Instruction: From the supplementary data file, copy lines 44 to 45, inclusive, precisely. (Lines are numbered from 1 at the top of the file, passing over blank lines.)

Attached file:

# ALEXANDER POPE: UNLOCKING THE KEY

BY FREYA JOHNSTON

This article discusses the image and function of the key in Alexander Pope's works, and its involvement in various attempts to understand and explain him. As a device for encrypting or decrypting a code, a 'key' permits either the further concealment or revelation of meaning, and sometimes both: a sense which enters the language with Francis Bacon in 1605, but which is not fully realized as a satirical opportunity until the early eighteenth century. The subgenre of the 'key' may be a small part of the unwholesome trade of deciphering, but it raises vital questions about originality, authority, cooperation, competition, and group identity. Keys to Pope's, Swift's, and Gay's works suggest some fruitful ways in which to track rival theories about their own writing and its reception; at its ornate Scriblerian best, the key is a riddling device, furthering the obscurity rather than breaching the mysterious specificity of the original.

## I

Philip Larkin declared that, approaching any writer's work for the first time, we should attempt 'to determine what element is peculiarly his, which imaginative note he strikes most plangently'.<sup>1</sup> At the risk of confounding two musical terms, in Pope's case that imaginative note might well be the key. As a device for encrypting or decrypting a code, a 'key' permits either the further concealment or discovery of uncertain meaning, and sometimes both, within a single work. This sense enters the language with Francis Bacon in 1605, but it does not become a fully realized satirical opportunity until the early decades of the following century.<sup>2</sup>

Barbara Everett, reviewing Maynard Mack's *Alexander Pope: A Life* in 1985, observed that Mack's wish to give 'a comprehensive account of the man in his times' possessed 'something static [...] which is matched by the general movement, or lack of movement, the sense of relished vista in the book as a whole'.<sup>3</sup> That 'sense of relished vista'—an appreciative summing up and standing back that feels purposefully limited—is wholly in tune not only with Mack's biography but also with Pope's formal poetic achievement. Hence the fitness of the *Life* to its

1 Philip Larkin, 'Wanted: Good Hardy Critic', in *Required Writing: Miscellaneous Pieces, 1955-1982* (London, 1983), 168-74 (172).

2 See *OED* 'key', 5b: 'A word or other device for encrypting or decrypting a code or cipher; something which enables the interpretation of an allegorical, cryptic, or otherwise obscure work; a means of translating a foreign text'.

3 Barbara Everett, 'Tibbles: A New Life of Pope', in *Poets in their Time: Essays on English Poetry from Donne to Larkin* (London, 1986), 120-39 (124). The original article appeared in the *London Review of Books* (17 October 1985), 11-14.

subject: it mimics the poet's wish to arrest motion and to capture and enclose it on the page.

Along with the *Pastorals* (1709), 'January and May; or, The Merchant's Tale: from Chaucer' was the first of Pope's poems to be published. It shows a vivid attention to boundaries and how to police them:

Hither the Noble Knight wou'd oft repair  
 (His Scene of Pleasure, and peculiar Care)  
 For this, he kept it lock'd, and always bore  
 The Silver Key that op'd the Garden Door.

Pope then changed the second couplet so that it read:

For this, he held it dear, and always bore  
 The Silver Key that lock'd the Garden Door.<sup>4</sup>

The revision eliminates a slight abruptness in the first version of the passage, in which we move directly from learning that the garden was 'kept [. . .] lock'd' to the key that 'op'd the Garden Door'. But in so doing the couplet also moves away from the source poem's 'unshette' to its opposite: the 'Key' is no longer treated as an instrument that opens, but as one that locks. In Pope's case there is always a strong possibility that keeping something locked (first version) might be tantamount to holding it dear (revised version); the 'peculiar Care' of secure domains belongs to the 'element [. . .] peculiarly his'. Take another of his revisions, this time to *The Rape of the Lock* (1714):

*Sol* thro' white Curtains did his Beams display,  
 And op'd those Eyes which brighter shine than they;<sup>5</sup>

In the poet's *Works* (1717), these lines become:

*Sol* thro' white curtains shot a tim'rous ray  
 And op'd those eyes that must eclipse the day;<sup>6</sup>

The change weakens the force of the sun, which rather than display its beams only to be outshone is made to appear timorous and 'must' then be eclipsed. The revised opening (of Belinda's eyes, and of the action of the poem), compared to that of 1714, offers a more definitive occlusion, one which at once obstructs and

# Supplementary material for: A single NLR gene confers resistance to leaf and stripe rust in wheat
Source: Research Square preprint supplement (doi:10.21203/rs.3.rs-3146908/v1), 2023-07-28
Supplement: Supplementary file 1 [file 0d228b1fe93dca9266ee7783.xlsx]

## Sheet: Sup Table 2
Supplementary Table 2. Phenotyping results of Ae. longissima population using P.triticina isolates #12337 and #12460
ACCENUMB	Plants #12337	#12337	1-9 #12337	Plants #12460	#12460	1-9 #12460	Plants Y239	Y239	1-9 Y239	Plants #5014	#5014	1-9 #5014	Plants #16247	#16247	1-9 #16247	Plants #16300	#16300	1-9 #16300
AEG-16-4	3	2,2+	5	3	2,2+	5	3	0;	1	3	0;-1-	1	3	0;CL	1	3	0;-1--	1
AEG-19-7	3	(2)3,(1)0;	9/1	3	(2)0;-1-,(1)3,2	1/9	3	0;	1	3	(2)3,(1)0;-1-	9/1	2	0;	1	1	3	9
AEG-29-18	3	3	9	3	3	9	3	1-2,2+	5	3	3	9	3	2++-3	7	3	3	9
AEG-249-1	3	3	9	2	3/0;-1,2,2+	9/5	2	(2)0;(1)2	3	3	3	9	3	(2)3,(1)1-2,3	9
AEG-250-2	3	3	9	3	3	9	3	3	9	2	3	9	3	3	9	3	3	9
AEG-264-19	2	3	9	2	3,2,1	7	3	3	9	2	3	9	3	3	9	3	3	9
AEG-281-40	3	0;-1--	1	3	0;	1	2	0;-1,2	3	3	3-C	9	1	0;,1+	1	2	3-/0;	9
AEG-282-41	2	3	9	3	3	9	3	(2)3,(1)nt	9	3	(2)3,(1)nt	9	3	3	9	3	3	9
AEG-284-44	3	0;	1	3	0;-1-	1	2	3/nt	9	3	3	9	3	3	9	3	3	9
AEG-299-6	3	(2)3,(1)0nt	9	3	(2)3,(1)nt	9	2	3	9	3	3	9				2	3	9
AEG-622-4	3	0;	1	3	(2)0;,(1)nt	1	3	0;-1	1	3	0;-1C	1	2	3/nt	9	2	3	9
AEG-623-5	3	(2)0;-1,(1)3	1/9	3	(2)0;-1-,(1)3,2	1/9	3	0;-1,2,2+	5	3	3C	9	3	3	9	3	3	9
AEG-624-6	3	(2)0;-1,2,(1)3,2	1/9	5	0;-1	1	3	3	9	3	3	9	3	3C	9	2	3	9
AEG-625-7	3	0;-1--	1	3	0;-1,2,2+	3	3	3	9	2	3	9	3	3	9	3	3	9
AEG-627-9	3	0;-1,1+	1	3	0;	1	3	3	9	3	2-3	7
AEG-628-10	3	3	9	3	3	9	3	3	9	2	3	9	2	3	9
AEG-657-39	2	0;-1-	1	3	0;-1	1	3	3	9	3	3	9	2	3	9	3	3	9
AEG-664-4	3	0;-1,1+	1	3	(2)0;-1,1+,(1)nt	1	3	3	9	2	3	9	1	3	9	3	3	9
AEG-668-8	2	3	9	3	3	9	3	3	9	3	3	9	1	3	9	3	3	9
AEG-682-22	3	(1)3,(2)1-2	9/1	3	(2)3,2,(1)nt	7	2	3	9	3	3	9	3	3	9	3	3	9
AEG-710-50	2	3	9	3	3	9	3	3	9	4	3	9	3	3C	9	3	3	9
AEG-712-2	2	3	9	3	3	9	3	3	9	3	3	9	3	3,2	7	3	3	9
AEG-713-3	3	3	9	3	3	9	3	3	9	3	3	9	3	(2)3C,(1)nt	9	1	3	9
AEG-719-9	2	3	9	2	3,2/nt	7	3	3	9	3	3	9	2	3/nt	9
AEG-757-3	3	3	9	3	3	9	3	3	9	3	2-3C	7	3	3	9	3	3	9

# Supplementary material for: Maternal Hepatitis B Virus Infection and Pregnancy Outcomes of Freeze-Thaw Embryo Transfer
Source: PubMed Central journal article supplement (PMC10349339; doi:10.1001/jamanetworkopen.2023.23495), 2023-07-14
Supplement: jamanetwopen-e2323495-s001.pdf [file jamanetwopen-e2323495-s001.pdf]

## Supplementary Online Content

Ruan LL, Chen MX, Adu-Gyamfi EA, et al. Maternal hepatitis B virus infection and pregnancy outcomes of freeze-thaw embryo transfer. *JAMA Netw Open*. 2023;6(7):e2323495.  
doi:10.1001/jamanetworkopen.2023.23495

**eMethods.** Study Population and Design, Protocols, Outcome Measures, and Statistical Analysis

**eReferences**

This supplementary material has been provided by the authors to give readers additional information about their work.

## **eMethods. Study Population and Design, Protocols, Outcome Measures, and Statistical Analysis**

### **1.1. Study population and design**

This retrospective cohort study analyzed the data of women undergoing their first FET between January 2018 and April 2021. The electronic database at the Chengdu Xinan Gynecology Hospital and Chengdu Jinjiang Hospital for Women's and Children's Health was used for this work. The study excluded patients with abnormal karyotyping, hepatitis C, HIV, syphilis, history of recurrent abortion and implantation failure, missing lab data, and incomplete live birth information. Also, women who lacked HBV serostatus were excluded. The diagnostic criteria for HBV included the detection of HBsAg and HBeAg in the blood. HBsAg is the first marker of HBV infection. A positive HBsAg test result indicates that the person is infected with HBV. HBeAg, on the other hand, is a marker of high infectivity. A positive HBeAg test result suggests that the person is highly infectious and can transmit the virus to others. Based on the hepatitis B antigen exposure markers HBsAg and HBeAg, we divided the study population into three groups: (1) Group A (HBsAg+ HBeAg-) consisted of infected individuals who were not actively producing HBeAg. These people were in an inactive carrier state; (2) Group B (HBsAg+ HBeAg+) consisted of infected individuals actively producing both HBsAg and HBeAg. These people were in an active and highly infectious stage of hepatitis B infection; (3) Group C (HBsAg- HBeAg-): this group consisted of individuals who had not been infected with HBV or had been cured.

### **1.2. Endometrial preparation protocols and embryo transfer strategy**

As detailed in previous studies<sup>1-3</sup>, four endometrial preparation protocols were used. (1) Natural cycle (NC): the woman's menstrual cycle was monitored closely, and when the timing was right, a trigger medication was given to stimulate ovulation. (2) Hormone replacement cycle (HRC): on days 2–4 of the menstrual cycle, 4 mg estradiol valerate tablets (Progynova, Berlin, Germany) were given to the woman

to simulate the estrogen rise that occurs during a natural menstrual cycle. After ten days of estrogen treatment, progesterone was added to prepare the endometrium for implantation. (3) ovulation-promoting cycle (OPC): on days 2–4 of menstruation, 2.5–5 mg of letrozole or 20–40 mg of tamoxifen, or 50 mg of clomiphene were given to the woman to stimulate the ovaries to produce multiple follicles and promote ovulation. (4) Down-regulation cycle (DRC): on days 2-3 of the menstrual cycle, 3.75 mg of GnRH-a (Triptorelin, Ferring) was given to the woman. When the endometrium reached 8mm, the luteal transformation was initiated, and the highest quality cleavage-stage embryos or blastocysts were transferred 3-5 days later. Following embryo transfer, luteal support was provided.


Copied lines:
AEG-624-6	3	(2)0;-1,2,(1)3,2	1/9	5	0;-1	1	3	3	9	3	3	9	3	3C	9	2	3	9
AEG-625-7	3	0;-1--	1	3	0;-1,2,2+	3	3	3	9	2	3	9	3	3	9	3	3	9